From speaker videos to event photos our SXSW recap page has it all!

This year was our 9th year hosting award-winning events during SXSW, so we decided to go bigger and better! In 2018, we officially partnered with the festival for the first time to produce 16 high-profile panels, with 62 speakers across 3 days. The programming was insightful, the audience was engaged, and the panelists were razor sharp.

Among those panelists was Melissa Schilling, Herzog Family Professor of Management, NYU Stern School of Business. During her panel she examined the lives of seven creative geniuses and explored how we can learn from them. I had the opportunity to chat with Melissa about her SXSW panel, career journey, and her cabin in the woods! Check out our interview below.

Aaron: What are key lessons you’ve taken away from being a professor on about innovation?

Melissa:

  1. Ideas are easy; it’s having the courage and persistence to follow through on them that is hard. Most great ideas are going to face opposition of some sort — perhaps a lack of support, or early failures. And some of those ideas won’t ever succeed. But every idea that does succeed has someone behind it who pushed doggedly, even when the going got tough.
  2. Part of why most great ideas face opposition is that when you come up with a truly original idea, most other people will at first have trouble understanding it. This makes sense — if the idea were obvious, lots of people would have already had it already. So even though our inclination is to go bounce our idea off of a few people, in the case of breakthrough innovation that’s probably a lousy strategy. Don’t expect other people to “get it” — if you truly believe in it and have worked out the path forward several steps, and have thought through the economics of it, you just have to push forward.
  3. All great innovators and all great entrepreneurs are serial innovators and serial entrepreneurs. It’s in their nature to try, and try again. Most have plenty of failures in the beginning, but they learn from them, and they try again. They boostrap small successes into larger successes, and even larger successes after that. So if you’re just starting out, you’re not really looking for your one big idea; you’re looking for your *first* idea.

Aaron: During SXSW, you discussed innovators who have changed the world – who are the innovators who are currently inspiring you?

Melissa: Right now I’m really inspired by Elon Musk. In fact, I often wake up in the morning, think of Elon Musk, and realize I’m not doing nearly enough with my life. Elon has taken on so much — he’s so brave. And it’s not because he’s insensitive; you can tell from his interviews that he is sensitive, and a lot of the opposition and failure he face has been very hard to bear. But he just pushes on because he believes in what he is doing, and he has an inner toughness and strength of character. I love that.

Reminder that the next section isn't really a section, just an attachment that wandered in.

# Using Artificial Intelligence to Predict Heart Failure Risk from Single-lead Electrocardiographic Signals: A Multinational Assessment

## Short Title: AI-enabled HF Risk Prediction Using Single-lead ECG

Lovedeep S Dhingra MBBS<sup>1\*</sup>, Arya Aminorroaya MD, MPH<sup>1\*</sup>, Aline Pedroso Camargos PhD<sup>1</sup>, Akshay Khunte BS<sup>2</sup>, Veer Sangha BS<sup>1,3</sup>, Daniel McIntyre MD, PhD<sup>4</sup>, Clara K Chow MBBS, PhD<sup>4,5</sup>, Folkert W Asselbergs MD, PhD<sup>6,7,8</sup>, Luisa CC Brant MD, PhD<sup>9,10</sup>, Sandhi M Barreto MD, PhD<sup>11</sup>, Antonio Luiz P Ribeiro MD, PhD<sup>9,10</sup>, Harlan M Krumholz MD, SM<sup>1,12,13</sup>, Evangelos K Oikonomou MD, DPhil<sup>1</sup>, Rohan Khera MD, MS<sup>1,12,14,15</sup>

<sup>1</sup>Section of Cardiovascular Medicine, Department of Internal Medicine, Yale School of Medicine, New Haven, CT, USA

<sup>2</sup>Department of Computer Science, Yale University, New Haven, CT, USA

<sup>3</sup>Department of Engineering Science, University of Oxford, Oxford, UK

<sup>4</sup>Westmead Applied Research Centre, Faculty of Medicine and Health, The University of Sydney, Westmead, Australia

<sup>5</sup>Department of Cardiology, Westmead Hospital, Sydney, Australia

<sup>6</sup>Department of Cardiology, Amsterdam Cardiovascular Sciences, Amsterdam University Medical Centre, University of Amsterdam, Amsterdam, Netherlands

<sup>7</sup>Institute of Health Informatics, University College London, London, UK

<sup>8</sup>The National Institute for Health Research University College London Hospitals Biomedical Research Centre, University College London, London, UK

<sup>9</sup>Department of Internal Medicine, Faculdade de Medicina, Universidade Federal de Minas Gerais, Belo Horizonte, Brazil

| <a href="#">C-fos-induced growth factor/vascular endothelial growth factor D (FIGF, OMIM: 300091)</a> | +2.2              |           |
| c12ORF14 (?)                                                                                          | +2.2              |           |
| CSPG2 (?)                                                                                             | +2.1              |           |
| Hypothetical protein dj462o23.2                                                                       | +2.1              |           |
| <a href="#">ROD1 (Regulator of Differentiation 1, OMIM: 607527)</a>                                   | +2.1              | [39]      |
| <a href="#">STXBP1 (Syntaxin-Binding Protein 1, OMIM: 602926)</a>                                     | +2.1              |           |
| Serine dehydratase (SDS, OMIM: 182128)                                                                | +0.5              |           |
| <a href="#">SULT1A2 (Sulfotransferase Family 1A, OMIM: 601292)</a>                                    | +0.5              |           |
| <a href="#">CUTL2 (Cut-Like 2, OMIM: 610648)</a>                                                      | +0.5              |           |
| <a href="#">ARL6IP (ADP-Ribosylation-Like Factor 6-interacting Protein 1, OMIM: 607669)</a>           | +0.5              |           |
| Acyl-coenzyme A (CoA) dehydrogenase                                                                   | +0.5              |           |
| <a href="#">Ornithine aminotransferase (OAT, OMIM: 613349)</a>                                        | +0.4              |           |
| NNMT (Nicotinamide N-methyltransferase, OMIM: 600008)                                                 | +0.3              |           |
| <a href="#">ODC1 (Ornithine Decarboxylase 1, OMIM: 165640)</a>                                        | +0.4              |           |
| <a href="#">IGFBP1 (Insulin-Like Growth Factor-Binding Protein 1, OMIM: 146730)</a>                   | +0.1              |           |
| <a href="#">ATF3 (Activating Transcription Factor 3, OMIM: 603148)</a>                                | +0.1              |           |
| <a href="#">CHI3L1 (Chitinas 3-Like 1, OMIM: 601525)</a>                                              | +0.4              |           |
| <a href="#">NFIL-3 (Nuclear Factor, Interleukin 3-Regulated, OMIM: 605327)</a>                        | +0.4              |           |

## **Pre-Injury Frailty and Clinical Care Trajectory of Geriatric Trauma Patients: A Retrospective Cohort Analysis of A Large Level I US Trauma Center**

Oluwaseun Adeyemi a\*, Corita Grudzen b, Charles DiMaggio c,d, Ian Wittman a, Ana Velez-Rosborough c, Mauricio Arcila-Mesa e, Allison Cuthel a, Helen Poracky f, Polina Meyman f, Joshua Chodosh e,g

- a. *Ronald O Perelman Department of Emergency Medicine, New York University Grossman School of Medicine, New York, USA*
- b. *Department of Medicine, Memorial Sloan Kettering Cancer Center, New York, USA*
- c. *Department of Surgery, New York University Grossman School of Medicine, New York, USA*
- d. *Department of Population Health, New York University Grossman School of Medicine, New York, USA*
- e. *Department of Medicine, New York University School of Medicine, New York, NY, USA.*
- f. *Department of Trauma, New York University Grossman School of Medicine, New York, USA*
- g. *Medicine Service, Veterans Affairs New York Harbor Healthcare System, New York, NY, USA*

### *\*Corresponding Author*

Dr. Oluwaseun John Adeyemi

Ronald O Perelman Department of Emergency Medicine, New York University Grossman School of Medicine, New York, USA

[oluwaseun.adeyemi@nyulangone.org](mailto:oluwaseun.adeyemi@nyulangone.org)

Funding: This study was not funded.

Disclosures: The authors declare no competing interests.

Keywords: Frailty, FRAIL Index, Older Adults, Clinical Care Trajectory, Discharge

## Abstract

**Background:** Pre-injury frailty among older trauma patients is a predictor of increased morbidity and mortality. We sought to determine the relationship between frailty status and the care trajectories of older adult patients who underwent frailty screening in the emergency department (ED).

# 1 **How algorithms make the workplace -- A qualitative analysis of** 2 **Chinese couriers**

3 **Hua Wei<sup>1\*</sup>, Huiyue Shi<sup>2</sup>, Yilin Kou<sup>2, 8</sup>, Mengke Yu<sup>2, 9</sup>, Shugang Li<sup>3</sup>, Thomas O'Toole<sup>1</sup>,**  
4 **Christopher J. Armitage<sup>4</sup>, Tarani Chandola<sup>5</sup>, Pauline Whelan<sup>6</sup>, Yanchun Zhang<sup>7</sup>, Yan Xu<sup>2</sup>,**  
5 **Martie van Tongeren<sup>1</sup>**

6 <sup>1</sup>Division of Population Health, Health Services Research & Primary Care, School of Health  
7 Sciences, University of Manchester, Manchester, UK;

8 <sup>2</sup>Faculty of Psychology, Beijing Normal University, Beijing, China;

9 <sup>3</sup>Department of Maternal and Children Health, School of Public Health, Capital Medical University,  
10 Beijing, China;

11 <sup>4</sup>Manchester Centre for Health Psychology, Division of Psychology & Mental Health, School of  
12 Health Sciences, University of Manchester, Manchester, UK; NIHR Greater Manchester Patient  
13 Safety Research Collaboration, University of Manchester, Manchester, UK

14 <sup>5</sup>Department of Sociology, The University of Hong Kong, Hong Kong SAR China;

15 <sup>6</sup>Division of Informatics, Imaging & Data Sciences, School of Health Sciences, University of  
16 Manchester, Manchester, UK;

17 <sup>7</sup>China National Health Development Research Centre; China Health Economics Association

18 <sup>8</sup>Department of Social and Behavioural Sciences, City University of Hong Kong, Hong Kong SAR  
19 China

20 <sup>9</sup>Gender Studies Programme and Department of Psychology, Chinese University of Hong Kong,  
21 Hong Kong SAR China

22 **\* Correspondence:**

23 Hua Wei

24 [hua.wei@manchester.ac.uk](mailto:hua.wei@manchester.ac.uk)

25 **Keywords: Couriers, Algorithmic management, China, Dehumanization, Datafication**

Aaron: What was your biggest takeaway from SXSW?

Melissa: Music is such a powerful part of the human experience. When it’s playing somewhere, people approach, they dance… It’s not even fully clear why, as a species, we love music so much, but we do. And that ability to revel in something joyous together is wonderful.

Aaron: Tell us something people may not know about you.

Melissa: I grew up in a cabin in the mountains of Colorado (with only a wood stove for heat). I was the only child of a fiercely independent single woman. We cut firewood, shingled the roof, and changed the oil in the car ourselves. I also spent a lot of time alone in the mountains, drawing, playing music, or reading.

Aaron: Is there a book you’ve read over the last year that you would care to share with our readers?

Melissa: A book I’m reading now that I find extremely interesting and hopeful is “Clean Meat” by Paul Shapiro. This book describes the developments currently underway to grow meat without animals. It sounds freaky, but then again, factory farms are even freakier. The motivation for the innovation is twofold. First, the demand for meat is growing far, far faster than meat supply. The world population is increasing, and development is increasing, and as economies develop, they start eating more meat. Most forecasts are predicting a “meat crisis”. Growing animals for meat is incredibly inefficient — it takes 146 calories of grain or other plants to produce 1 calorie of beef. That’s very wasteful. Predictions are that we can get that down to 3 calories of plants to produce 1 calorie of meat if meat is grown without animals. Second, agricultural production of animals is incredibly bad for the environment. The world’s cattle have a greater impact on greenhouse gasses than the world’s cars. “Clean meat” grown in breweries would have far less environmental impact, and would also be free of the steroids, antibiotics, e-coli, and other ills of slaughterhouse meat. It’s attracting big investors like Bill Gates, Richard Branson, Cargill Foods. It really gives me hope.

Aaron: If you were on a deserted island and could only bring one album with you, which would it be and why?

The Police, Reggatta de Blanc. I can listen to Bring on the Night or Message in a Bottle endlessly, and never get tired of them (plus Message in a Bottle would be particularly poignant…)

Want more insights from Melissa? Watch their panel from SXSW.